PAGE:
It is practically impossible not to be fascinated, however minimal, with Wes Anderson’s cinema . Postmodern art was defined by its theorists as the random cannibalization of all styles of the past, a game of innumerable dating, a collage of recombined ancient material. We have been postmodern for 40 years and it may be getting long, but it never has as much charm as in the films of the American filmmaker .
The French chronicle is based on Anderson’s three wishes: to make an episode film, show France and, above all, The New Yorker . The weekly magazine of majestic reports that inflamed his childhood and youth transmutes in his film in a magazine called The French Chronicle ( The New Yorker ) that writes chronicles from a fictitious city called Ennui (Paris) for Kansas (for nobody).
After the death of the editor ( Bill Murray ), four reports from the last edition that make up the four chapters of the film are reviewed. First, an Ennui guide that serves as a colorful prologue. Next, the most solid: a chronicle about the relationship of a prisoner-marginal artist ( Benicio del Toro ) with his muse-jailer ( Léa Seydoux ) and his patron ( Adrien Brody ).
Then the most poetic: the recreation of a student revolution by a feminist writer (Frances McDormand ) and the love of its leaders ( Timothèe Chalamet and Lyna Khoudri). Finally, the most bizarre, the report on the exquisite chef ( Stephen Park) of the prefect of police ( Mathieu Almirac ) whose son is kidnapped.
Lyna Khoudri, Frances McDormand, and Timothèe Chalamet. TWENTIETH CENTURY FOX FILM CORPORATION
Animated cinema with actors
For a filmmaker so in control of all the elements of the image, testing the animation in Fantastic Mr. Fox (2009) has been a point of no return. What was already aimed at Moonrise kingdom reached its paroxysm in The Grand Budapest Hotel : achieving a real film that seems animated.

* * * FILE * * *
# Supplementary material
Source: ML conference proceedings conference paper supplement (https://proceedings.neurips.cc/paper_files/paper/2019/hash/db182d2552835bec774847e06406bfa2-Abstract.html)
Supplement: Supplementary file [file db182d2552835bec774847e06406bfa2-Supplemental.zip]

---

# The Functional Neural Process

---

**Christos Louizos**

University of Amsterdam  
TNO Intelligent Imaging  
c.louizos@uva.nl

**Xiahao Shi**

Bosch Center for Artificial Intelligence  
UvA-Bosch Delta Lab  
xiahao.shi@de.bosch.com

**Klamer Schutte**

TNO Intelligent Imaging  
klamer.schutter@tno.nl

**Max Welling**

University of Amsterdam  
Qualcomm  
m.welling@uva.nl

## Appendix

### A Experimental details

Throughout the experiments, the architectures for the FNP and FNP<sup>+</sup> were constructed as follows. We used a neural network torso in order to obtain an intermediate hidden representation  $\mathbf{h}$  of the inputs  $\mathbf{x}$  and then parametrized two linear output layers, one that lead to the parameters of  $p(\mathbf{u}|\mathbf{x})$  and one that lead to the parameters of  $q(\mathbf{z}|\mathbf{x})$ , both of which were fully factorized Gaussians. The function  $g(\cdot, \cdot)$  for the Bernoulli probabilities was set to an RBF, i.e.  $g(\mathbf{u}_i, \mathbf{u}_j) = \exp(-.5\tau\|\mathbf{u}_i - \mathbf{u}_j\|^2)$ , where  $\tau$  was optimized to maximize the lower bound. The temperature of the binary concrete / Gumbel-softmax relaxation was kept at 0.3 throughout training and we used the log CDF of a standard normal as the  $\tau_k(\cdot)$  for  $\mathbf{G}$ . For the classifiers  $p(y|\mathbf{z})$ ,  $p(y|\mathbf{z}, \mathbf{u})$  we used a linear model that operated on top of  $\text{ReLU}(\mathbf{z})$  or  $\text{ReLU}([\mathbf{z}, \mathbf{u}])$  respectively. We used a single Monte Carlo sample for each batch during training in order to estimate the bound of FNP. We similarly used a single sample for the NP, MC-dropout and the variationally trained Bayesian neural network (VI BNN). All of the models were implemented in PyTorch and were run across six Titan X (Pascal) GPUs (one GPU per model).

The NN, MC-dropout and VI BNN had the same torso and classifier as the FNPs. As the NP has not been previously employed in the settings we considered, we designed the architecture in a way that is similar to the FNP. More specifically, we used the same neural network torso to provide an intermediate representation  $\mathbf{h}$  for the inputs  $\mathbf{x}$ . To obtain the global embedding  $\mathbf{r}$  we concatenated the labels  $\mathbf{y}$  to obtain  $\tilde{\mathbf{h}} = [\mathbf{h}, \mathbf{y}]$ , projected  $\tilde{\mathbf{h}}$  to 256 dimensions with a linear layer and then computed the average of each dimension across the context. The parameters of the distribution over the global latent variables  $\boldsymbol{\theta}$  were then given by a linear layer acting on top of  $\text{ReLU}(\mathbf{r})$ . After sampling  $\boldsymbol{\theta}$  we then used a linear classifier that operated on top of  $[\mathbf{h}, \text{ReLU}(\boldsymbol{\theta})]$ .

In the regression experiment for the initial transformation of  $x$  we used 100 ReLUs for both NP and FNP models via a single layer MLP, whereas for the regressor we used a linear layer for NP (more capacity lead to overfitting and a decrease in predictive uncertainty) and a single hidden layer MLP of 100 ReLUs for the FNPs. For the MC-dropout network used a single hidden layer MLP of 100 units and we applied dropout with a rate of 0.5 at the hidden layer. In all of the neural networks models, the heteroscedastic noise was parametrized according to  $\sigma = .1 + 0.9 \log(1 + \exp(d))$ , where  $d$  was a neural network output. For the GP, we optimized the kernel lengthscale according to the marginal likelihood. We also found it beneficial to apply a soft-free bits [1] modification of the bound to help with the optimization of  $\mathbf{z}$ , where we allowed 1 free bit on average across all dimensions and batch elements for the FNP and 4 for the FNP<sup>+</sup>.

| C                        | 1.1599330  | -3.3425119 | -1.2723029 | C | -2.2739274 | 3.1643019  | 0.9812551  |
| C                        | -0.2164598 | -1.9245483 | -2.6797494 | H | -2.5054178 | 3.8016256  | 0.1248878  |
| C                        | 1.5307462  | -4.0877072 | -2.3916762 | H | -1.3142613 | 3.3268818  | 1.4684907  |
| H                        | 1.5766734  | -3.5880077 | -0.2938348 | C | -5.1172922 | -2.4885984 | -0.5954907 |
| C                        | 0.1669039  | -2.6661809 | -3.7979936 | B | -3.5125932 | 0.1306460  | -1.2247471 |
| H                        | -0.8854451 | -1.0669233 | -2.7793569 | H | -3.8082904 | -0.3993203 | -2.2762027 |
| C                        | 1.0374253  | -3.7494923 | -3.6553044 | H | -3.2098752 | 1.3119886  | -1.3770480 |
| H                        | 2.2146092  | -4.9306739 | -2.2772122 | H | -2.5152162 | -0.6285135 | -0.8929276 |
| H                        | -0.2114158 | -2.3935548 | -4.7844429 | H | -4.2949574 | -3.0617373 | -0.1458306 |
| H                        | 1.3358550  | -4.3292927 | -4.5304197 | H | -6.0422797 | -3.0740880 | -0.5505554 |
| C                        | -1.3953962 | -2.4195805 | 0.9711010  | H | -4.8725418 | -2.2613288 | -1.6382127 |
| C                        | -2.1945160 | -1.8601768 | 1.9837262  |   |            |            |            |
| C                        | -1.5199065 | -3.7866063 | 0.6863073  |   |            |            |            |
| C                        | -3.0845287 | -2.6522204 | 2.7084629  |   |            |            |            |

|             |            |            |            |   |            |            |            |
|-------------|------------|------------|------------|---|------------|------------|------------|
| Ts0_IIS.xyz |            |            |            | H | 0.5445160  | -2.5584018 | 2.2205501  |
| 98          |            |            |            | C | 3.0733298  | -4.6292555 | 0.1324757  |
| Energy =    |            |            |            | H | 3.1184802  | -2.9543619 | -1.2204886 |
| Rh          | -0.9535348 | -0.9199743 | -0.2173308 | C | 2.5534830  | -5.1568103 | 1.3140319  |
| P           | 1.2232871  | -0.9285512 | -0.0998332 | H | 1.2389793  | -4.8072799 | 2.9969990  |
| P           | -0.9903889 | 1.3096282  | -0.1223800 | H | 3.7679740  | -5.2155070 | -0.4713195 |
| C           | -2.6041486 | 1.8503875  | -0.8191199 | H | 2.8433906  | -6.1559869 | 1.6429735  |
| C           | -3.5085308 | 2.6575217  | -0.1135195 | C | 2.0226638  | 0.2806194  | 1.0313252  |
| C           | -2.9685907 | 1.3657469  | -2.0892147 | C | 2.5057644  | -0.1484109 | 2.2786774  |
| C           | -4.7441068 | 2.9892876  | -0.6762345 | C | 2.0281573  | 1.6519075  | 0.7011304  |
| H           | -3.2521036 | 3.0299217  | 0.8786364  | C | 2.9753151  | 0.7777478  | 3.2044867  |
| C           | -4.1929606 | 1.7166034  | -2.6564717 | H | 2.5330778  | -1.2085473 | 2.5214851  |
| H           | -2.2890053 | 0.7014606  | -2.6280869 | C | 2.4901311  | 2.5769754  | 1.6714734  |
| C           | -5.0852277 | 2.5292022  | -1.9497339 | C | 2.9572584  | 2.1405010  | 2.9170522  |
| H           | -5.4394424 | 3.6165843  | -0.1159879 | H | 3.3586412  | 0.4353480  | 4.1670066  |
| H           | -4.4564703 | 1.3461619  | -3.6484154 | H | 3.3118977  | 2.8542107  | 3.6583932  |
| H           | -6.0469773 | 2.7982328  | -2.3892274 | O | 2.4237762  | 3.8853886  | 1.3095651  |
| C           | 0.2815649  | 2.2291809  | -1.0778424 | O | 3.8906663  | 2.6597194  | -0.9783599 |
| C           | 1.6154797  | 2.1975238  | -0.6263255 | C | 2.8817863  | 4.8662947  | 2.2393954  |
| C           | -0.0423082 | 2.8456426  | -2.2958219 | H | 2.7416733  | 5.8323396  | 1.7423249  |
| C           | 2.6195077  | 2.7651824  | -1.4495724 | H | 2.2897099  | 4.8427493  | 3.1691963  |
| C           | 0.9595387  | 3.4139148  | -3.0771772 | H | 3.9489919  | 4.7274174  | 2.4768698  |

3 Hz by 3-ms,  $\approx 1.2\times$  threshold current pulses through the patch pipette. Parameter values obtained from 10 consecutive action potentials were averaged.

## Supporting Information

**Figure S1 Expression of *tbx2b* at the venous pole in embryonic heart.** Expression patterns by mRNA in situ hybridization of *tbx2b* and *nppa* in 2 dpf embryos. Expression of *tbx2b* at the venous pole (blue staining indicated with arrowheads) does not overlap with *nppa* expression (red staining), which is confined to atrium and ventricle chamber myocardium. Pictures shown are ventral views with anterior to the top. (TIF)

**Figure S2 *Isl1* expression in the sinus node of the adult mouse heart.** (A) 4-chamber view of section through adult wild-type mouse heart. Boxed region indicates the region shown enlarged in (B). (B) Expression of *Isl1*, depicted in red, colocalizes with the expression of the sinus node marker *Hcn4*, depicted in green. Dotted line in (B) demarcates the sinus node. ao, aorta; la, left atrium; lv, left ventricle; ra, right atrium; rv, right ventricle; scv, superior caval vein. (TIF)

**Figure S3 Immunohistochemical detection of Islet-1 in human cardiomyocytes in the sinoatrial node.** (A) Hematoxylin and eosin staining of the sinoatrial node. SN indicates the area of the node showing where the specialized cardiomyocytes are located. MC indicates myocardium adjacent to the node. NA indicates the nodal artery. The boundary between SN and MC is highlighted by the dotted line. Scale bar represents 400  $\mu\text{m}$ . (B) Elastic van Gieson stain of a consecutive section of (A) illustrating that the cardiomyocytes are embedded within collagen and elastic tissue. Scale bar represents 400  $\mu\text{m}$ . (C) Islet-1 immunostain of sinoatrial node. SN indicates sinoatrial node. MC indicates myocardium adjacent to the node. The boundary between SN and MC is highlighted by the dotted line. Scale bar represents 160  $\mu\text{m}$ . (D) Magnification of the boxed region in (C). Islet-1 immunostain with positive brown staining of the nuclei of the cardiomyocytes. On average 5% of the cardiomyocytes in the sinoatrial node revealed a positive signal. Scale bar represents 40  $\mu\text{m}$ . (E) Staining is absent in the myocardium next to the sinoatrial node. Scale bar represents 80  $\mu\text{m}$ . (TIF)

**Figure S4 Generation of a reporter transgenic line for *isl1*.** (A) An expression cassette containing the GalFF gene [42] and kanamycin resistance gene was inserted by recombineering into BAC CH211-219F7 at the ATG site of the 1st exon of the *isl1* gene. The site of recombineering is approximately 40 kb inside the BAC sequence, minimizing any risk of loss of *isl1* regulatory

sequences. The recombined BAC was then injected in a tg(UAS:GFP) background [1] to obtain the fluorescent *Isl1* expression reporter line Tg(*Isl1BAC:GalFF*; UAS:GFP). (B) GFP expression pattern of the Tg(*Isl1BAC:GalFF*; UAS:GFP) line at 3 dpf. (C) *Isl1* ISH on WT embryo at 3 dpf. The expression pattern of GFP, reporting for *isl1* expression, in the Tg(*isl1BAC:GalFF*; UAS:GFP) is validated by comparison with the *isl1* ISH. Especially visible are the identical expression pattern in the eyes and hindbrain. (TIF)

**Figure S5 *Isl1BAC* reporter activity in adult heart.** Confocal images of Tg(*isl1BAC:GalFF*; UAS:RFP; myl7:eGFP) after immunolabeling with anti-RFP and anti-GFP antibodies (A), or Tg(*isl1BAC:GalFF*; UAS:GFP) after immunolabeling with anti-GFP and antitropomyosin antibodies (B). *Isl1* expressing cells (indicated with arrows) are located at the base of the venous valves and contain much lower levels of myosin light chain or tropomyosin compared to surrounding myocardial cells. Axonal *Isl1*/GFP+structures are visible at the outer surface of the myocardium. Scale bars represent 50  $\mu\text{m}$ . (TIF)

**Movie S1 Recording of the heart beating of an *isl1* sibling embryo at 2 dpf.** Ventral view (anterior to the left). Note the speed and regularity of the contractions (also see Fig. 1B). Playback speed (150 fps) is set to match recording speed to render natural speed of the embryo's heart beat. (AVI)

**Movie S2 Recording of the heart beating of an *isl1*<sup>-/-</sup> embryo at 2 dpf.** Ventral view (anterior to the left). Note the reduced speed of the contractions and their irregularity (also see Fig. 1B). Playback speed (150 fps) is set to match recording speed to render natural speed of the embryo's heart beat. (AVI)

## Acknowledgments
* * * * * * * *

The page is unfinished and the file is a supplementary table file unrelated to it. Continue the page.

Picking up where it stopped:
And already installed in that language, it does not matter if it is already stop-motion , as in Isle of Dogs , or actors as in The French Chronicle , although there are nuances in having plasticine dolls or Frances McDormand in the foreground.
Anderson has found his new style by fitting his characters into miniatures, false perspectives, and all kinds of tricks that draw from a more artisan era of cinema and that can only be compared in the current scene with his homophone Roy Andersson .
Bill Murray in ‘The French Chronicle’. TWENTIETH CENTURY FOX FILM CORPORATION
In Anderson’s Cartesian fantasies the actors are stuck on their mark: it ‘s like playing clicks with movie stars . Everything is precision. The camera is the absolute protagonist to which all the movements of the actors are subject. The visual gags don’t stop. The rhythm of ideas almost overwhelms the viewing and asks to stop the time to recreate.
The film is traversed by nostalgia in which written, journalistic or literary narratives were relevant to understanding and forming an opinion about the world. All the characters in The French Chronicle are based on or are a combination of mythical signatures from The New Yorker Janet Flanner, Joseph Mitchell, James Baldwin or Mavis Gallant , to whom the film dedicates.
The danger with so much formal charm is that it often overshadows the dating complexity behind glitter. An example: the claim of the students to start the revolt based on May 68 is to be able to access the girls’ dormitories. What seems like a cute Andersonian plot was one of Daniel Cohn-Bendit’s real demands to solve “the sexual problem of the students.”
If the journalistic envelope is removed, the heart of The French Chronicle speaks of art. It is easy to see in the director of the newspaper (a Bill Murray inspired by Harold Ross, founder of The New Yorker) who backs up the entry and exit of each chapter, the role of the film director himself, bringing out the best in his team. And the artist’s tension with the market forms the backbone of the painter prisoner and his protector, who is as fond of painting as he is of money.